My name is DJ Pan, I am a faculty member
in the Department of Molecular Biology and
Genetics at Johns Hopkins
University School of Medicine.
In today's lecture I will
review recent studies
in the fruit fly 𝘋𝘳𝘰𝘴𝘰𝘱𝘩𝘪𝘭𝘢 concerning
the control of tissue growth.
In particular my lecture will focus
on the recent elucidation of a novel
signalling pathway which we
call the 'Hippo pathway'.
It's my hope that this lecture will
provide you with an example of how one can
use the fruit fly as a powerful model
to understand the basic mechanisms of
including the mechanisms of human cancer.
During organogenesis, growth and
patterning must be independently
coordinated in order to generate
organs of reproducible size and shape.
Compared to our understanding
of pattern formation,
relatively less is known about how
the size of an organ is determined.
The compound eye of 𝘋𝘳𝘰𝘴𝘰𝘱𝘩𝘪𝘭𝘢 is
an ideal system to study organ size,
since this organ is totally
dispensable for animal viability.
This means one can screen for
mutations that increase or
decrease the size of an eye
without worrying about
the detrimental effects of
the mutation on animal viability.
In the last decade, many 𝘋𝘳𝘰𝘴𝘰𝘱𝘩𝘪𝘭𝘢
labs have conducted genetic screens for
growth regulators of the compound
eye using mosaic flies.
The essence of these screens is to
generate, by mitotic recombination,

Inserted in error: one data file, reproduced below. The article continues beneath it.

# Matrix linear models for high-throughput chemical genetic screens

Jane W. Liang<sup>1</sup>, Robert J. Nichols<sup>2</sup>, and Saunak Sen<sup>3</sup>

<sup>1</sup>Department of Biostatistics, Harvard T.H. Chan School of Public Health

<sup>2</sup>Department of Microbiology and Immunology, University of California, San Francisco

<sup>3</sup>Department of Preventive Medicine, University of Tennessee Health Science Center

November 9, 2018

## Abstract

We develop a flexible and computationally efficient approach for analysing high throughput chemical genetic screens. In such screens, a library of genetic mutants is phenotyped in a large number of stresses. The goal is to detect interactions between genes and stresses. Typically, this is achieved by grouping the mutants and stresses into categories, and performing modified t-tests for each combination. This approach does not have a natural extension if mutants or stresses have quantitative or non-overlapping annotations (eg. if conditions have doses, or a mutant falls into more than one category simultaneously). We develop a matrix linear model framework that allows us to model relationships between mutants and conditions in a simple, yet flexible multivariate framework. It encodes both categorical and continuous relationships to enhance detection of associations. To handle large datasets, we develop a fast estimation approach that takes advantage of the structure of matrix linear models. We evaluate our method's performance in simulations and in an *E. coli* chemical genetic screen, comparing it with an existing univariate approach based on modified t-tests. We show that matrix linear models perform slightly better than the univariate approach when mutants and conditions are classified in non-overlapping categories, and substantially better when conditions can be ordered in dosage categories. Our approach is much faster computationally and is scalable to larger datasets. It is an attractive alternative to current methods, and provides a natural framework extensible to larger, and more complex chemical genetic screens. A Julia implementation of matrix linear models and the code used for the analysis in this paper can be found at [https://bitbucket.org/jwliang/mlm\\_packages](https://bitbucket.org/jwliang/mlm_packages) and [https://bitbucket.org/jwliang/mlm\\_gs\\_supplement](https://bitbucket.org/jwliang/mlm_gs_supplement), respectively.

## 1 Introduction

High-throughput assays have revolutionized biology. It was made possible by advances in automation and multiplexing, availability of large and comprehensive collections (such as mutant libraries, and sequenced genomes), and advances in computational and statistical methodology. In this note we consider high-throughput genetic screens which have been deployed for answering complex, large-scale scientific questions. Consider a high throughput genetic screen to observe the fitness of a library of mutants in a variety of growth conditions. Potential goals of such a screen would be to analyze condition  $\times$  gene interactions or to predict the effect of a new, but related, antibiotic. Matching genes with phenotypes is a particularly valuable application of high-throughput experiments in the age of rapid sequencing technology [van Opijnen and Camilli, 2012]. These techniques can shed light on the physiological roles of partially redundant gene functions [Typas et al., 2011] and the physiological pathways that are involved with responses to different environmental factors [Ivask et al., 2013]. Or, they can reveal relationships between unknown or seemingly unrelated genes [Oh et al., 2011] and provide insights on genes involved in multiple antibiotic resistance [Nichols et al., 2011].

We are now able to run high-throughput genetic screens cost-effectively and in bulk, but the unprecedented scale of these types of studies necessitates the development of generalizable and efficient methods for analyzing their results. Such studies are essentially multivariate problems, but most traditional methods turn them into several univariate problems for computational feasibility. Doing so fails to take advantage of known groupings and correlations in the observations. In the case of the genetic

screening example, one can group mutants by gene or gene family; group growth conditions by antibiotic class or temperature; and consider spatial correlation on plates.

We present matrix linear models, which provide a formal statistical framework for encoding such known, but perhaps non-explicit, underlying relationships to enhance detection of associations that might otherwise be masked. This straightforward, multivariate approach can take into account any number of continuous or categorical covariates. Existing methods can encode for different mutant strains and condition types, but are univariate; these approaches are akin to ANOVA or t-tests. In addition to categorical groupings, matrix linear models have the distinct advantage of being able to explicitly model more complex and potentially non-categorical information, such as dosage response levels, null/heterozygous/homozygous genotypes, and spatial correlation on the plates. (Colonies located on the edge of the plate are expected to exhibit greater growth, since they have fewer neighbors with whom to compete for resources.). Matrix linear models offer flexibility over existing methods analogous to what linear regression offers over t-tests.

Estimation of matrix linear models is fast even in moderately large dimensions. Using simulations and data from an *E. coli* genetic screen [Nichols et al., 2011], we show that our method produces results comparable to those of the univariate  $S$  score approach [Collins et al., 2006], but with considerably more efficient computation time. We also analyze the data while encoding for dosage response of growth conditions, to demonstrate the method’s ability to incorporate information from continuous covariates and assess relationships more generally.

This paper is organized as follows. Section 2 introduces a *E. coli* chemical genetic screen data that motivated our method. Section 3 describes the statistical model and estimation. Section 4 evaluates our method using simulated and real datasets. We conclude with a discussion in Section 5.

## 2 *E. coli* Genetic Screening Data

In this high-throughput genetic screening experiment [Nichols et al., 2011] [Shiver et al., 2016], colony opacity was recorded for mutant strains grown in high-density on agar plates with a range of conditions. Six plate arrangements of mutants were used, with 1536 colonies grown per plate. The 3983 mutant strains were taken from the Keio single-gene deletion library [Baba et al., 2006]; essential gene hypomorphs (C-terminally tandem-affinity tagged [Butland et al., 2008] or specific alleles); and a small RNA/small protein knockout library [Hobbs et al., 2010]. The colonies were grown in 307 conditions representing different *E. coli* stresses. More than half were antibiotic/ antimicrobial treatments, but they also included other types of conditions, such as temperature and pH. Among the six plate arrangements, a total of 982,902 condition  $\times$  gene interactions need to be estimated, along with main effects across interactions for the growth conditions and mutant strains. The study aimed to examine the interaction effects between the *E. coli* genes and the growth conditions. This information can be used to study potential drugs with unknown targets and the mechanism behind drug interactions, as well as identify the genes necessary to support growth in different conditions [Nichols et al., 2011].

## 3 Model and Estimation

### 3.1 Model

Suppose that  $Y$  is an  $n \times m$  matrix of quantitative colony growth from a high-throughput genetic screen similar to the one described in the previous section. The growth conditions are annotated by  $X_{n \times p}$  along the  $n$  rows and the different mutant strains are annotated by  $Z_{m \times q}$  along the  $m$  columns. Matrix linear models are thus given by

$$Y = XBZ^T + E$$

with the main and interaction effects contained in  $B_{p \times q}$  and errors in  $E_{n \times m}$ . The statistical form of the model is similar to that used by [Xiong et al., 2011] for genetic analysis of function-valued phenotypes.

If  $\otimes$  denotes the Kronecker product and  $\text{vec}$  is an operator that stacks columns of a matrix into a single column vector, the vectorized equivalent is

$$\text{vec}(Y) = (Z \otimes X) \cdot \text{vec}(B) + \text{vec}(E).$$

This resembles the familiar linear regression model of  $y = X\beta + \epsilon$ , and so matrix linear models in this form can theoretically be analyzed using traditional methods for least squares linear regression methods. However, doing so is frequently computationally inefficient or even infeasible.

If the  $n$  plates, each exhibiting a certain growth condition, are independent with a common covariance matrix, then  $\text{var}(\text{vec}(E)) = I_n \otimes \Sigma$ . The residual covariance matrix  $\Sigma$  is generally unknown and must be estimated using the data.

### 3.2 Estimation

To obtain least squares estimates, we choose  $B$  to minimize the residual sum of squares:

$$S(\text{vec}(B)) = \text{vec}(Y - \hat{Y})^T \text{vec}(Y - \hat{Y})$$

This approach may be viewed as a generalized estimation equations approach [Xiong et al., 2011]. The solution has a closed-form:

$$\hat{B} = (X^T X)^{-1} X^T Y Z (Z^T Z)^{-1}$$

a cell that is homozygous for
a given mutation in an otherwise
heterozygous mutant background.
These screens are set up in such a way
that whenever a homozygous mutant
cell (designated here as minus
over minus or -/-) is generated,
a sibling cell is also generated which
has a plus over plus (+/+) genotype.
This pair of cells then proliferates
to generate two clones of cells next to
each other in the adult eye.
If a gene does not play
a role in tissue growth,
we might expect the mutant clone to be
of the same size as a sibling clone.
However if a gene normally is positively
required for tissue growth we
might expect the mutant clone to
be smaller than the sibling clone.
On the contrary, if a gene normally
plays a negative role in growth control
then we might expect a mutant clone
to be larger than the sibling clone.
This last class of overgrown mutation
represents what we call the tumor